Fact is, if you have any use for Vista whatsoever then you should be upgrading anyhow or purchasing a new system. For example, if your a gamer that wants to run the newest and greatest DX10 games, you don't pull out your 486 and bitch when it doesn't work. You obviously need a new system to do the newest and greatest things. It's a fact of life and not Microsoft's problem.

Re:Vista Performance is Fine (1)

thrashee (1066650) | more than 7 years ago | (#18111552)

I don't think this demographic should be forced to run out and buy a new system. What, exactly, about the release of a new OS, and its inclusion on new OEM machines, leads you to believe people are being forced to do anything?

Spend 599 and have a 19" monitor while your at it (1)

cybrthng (22291) | more than 7 years ago | (#18111726)

Dell has a E521, AMD 3800 X2, 1 Gig Ram, 250 gig drive, Free Shipping & 19" LCD Monitor. Spend 45 bucks to get the 7900GS video card and "You are good to go"

2 grand my ass. Just where do you buy your pcs?

Re:Spend 599 and have a 19" monitor while your at (1)

d!rtyboy (969507) | more than 7 years ago | (#18111894)

2gs was just an exaggeration. And I know M$ isn't literally forcing people to upgrade but they're going out of their way to make it nearly impossible for anyone not to. And that's what I meant. Sooner or later they're going to release a new version of MSN Messenger that requires Vista even though there could not possibly any technical reason it would need it. Just like what they're doing with dx10, if they wanted to make it compatible with XP they could have done so. Making dx10 Vista only was purely a marketing decision. If M$ wanted to truly upgrade windows, they would have taken the NT base code and made it more optimized, more compact, added some good features and took bugs out of it, added a flash GUI and then produce a descent workable Windows upgrade. You do not need a lot of horsepower to have good features, good performance and a flashy GUI. It's a shame they didn't do that.

Inside the Windows Vista kernel... (5, Funny)

BeProf (597697) | more than 7 years ago | (#18111318)

#include

int main() {
        uac_alert("You are attempting to initialize variables. Cancel or allow?");
        int i;

        uac_alert("You are attempting to enter a loop. Cancel or allow?");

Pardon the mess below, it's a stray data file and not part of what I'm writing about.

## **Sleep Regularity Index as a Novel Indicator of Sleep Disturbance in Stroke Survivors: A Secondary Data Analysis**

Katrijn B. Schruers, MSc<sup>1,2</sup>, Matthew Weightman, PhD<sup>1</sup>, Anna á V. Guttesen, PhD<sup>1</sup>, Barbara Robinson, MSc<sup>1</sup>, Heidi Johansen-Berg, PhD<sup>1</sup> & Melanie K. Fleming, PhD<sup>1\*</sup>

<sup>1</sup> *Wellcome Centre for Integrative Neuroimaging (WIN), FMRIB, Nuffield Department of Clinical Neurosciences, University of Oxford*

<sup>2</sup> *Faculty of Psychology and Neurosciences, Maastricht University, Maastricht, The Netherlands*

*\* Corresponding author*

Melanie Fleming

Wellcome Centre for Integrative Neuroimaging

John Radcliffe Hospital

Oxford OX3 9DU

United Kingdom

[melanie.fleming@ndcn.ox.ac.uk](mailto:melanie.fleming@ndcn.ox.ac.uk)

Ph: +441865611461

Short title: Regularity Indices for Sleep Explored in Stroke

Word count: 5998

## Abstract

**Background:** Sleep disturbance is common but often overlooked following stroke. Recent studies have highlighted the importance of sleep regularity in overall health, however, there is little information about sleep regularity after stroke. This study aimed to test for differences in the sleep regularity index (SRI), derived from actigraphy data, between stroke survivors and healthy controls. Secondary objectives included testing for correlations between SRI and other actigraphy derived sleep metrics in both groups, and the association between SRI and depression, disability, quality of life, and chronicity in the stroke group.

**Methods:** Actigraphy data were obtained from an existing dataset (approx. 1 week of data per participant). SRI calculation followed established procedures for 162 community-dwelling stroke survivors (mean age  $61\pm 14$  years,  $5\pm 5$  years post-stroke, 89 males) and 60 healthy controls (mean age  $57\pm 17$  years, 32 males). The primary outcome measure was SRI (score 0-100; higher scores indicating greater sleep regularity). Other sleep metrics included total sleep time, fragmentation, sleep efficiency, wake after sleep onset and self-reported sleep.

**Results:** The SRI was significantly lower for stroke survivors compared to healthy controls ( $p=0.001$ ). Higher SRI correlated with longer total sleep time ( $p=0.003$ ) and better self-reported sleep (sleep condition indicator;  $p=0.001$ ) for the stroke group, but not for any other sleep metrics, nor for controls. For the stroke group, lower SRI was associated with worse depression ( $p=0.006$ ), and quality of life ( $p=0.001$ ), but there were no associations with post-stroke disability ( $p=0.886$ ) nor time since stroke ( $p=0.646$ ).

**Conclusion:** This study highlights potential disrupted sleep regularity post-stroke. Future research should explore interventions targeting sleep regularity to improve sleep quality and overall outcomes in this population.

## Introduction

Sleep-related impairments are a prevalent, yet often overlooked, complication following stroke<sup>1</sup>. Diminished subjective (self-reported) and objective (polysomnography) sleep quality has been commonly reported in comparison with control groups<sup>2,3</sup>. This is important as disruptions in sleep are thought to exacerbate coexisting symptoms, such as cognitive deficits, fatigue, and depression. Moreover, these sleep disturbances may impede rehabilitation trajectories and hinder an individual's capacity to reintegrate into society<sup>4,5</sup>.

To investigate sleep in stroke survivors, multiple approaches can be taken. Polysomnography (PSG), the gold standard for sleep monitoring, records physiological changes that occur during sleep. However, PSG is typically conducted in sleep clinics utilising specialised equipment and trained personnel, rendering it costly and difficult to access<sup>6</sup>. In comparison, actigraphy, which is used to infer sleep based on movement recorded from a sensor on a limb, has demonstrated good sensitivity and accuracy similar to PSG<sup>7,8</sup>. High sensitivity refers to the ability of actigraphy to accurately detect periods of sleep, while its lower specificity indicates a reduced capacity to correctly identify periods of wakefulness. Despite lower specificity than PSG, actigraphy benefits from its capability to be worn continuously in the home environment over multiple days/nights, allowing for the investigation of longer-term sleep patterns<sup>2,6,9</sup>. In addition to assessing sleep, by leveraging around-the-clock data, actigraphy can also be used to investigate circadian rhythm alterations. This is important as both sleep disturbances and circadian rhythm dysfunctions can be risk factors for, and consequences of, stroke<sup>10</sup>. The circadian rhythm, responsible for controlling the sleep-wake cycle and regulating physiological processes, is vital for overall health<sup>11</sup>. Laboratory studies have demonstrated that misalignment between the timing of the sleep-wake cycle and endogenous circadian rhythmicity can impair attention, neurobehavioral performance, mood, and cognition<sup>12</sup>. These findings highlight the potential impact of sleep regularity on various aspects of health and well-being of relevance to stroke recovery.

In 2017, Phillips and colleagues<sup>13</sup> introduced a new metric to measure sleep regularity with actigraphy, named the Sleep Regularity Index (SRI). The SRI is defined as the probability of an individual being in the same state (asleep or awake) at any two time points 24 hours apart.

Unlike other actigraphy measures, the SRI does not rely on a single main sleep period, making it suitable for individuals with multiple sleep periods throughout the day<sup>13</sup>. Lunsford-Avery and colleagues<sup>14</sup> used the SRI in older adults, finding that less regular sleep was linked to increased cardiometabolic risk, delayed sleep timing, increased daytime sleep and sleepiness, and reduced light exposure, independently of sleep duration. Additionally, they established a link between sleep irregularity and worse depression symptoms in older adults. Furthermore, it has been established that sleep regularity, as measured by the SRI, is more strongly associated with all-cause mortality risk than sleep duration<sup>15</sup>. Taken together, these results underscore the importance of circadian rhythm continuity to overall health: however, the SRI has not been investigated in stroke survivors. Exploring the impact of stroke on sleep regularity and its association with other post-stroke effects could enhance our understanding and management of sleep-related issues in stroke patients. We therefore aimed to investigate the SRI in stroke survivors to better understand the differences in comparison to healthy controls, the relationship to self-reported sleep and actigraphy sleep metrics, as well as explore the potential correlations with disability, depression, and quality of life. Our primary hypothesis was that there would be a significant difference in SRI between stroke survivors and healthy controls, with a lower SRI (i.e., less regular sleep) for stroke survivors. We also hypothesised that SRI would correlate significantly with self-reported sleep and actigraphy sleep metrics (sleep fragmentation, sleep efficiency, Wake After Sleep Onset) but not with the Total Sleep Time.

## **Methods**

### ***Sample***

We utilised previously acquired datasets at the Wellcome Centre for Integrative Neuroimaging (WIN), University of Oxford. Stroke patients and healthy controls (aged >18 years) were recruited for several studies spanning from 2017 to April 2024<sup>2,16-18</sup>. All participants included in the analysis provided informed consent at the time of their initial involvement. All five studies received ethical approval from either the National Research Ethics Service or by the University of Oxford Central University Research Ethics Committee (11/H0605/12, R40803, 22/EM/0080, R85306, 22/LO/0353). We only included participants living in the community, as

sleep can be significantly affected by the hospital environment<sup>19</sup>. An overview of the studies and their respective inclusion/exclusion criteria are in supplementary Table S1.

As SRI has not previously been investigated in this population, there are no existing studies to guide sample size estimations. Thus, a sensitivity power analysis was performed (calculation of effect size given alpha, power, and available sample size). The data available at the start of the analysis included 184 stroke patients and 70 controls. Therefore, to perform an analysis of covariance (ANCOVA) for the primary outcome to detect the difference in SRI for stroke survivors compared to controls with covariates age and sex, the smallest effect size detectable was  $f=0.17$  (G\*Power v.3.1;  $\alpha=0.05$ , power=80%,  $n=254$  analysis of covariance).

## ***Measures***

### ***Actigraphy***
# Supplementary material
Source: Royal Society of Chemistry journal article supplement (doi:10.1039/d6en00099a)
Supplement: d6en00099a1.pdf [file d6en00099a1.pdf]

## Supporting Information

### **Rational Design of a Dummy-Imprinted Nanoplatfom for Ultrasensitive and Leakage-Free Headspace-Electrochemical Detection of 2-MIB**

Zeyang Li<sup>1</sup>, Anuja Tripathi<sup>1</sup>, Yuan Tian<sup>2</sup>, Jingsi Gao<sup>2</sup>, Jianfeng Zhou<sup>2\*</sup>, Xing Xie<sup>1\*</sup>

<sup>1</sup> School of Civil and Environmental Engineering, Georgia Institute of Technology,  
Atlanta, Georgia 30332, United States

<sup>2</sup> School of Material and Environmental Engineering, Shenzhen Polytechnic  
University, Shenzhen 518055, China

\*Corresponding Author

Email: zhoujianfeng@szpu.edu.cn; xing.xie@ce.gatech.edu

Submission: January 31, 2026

for (i = 0; i 100; i++) {
                uac_alert("You are attempting to iterate a loop. Cancel or allow?");
                i++;
        }

        uac_alert("You are attempting to exit program. Cancel or allow?");
        return 0;
}

Re:Inside the Windows Vista kernel... (1)

TheRealMindChild (743925) | more than 7 years ago | (#18111648)

So, are you telling me, like in your example, when it prompts me, it doesnt even evaluate whether I pressed "ok" or "cancel"?

Re:Inside the Windows Vista kernel... (1)

protactin (206817) | more than 7 years ago | (#18111672)

The uac_alert function just crashes the program if you select cancel. Or perhaps if you don't.

Re:Inside the Windows Vista kernel... (1)

networkBoy (774728) | more than 7 years ago | (#18111874)

obviously the uac_alert function checks. if you allow it returns form the print to screen, if you disallow it executes a break in a quasi random portion of the program leading to system instability. :)
-nB

Think Netburst (1)

bogie (31020) | more than 7 years ago | (#18111424)

Microsoft has bet that in the long run that their new memory optimization technologies will pay off with much improved performance and robustness. Seriously, that is exactly what's going on. The problem is all along XP is there staring at you with a whole slew of built-in app provider support and optimization. Vista can't help but be slower considering the change MS made under the hood. Btw I'm certainly not saying that MS's under the hood changes will be beneficial long term, look at Netburst. MS could dump or change whatever they want when Vista's replacement comes out in two years. You would hope that you could have it both ways ala how people claim OS X gets faster with each release, but with MS that just isn't going to happen. Thus early Vista adopters must suffer.